“Crazy as hell,” I said, then raised my glass in memory of Sadie. Yea, Sadie was her name and she may have had her faults, but that woman had hooked us both into pure love for her. It probably was that jumpsuit. God almighty, every curve, mound – if you know what I mean – practically every mole was visible since it was skin-tight, and, I can hardly keep from salivating – yes, I know that’s gross, me saying that, but it’s the truth – even thinking about how round her breasts were and how her pant leg would slip up every once in a while and you could see this smooth-as-silk-skin that would make any man – or lesbo, I suppose – melt with longing. Oh, god, that skin – all of her skin – milky white and smooth like some piece of ice sculpture except it wasn’t cold – hell no. And yes, I did know…and not just from copping a feel. That girl could writhe with heat as if she had a volcano living inside her. Holy shit. God. Yes. What I would give to see her walking in that door about now.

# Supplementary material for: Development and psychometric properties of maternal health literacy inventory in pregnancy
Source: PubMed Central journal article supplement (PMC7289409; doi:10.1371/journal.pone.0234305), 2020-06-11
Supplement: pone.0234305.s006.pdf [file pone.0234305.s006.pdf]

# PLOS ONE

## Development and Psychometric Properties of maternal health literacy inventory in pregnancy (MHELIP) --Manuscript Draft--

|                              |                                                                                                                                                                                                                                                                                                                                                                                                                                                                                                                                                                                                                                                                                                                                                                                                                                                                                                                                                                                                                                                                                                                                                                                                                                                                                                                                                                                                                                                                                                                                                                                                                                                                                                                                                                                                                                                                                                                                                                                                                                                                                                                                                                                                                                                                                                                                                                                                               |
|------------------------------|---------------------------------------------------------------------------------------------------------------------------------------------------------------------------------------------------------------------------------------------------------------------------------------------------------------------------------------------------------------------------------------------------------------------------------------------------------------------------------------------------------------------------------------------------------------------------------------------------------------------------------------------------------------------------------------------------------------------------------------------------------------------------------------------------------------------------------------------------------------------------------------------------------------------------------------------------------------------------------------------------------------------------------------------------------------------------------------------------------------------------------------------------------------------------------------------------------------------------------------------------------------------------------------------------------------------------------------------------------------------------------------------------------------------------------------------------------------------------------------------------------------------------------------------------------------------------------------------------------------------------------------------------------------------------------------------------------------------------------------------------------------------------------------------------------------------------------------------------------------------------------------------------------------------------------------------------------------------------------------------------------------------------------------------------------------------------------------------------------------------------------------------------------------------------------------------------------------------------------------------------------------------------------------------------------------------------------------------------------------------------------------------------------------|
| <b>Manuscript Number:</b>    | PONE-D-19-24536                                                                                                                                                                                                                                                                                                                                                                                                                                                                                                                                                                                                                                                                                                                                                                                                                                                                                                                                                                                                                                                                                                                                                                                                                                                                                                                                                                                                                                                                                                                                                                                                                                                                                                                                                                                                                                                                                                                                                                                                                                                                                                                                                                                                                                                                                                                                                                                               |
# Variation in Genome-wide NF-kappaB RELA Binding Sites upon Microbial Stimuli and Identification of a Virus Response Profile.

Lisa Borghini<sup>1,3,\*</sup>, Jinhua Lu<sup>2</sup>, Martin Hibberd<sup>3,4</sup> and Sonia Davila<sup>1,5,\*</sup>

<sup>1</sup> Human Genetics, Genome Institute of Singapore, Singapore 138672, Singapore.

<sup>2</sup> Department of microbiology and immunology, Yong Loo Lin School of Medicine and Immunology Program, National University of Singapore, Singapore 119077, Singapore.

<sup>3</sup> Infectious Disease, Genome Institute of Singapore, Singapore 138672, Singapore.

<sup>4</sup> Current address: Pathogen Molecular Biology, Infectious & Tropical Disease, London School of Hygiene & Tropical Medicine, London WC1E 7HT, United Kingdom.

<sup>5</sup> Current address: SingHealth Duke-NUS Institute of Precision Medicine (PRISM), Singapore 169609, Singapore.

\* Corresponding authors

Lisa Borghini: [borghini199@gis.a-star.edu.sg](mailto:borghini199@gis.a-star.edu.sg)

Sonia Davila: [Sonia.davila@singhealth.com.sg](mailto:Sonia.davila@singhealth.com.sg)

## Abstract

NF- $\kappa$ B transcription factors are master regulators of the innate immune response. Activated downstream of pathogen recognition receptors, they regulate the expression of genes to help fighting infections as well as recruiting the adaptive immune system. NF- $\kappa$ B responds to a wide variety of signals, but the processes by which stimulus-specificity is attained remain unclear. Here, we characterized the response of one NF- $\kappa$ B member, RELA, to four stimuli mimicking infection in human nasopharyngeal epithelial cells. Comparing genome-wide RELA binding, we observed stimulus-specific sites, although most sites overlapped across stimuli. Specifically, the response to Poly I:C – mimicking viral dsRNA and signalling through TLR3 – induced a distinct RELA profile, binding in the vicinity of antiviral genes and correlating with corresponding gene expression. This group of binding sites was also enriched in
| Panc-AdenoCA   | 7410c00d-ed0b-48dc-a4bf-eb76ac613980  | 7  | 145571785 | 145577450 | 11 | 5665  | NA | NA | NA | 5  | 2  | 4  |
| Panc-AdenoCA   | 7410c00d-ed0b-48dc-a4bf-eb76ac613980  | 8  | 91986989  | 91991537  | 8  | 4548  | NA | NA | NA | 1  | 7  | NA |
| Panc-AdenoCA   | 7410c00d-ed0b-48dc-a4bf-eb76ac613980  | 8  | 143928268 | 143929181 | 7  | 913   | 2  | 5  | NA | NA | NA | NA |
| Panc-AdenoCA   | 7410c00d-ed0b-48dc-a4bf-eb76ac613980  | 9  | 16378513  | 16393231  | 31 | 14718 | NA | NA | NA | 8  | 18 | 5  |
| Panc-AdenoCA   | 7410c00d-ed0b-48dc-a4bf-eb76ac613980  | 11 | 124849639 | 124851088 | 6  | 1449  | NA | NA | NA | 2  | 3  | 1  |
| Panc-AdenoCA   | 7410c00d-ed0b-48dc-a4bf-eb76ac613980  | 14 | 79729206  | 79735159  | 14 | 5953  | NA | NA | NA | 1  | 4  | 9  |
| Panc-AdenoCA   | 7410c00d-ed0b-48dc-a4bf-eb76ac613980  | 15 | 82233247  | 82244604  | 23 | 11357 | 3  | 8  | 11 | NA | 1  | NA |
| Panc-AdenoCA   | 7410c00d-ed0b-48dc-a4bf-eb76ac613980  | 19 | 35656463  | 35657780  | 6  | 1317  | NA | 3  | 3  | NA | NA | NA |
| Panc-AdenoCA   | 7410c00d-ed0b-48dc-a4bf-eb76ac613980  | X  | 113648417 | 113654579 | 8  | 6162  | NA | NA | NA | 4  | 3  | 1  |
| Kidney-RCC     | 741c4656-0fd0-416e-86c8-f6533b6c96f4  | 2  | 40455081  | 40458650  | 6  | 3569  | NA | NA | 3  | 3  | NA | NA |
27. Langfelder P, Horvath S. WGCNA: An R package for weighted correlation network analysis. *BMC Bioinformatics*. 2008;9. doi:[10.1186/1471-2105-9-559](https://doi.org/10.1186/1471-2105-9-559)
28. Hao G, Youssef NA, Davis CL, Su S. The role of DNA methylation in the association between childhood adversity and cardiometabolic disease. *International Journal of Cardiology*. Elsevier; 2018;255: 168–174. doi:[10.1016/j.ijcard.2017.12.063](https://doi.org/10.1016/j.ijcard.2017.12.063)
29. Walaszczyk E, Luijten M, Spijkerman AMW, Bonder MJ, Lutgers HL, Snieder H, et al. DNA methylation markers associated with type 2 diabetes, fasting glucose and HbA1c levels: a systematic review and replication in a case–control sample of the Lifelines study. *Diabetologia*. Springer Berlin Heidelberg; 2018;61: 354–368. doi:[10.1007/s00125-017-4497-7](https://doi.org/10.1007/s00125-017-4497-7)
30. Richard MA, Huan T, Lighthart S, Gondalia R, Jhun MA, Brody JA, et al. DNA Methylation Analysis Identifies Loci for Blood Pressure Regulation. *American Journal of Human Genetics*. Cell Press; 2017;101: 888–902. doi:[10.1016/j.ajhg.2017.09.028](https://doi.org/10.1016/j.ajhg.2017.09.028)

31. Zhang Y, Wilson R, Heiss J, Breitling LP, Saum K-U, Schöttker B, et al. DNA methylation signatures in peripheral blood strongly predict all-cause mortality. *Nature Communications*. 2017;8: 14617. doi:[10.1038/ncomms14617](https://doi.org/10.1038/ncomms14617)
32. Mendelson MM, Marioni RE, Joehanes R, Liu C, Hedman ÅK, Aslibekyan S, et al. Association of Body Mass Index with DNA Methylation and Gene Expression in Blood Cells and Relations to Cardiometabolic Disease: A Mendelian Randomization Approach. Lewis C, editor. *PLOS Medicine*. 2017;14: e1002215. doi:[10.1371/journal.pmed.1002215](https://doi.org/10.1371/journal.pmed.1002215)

“So, what time’s the funeral?” Max asked and glanced up at the neon Schlitz sign.
“Noon,” I said, and tried to forget that there’d never be any more of that heat for me from our girl Sadie.
“Why is her service at that lame-ass Episcopal church, for God’s sake?” Max asked. “Those people are just wanna-be Catholics.”
“She told me she liked that church. People were nice to her there, even fed her breakfast a couple of Saturdays a month when she didn’t have any more money for food. A good home-cooked meal. You can’t fault a church for that.”
“I can fault any church that’s not Catholic,” Max said. “That’s the one true church.”
I reached in my pocket. “I thought I might wear this for her,” I said and held up a red and yellow striped tie. I think she would laugh.”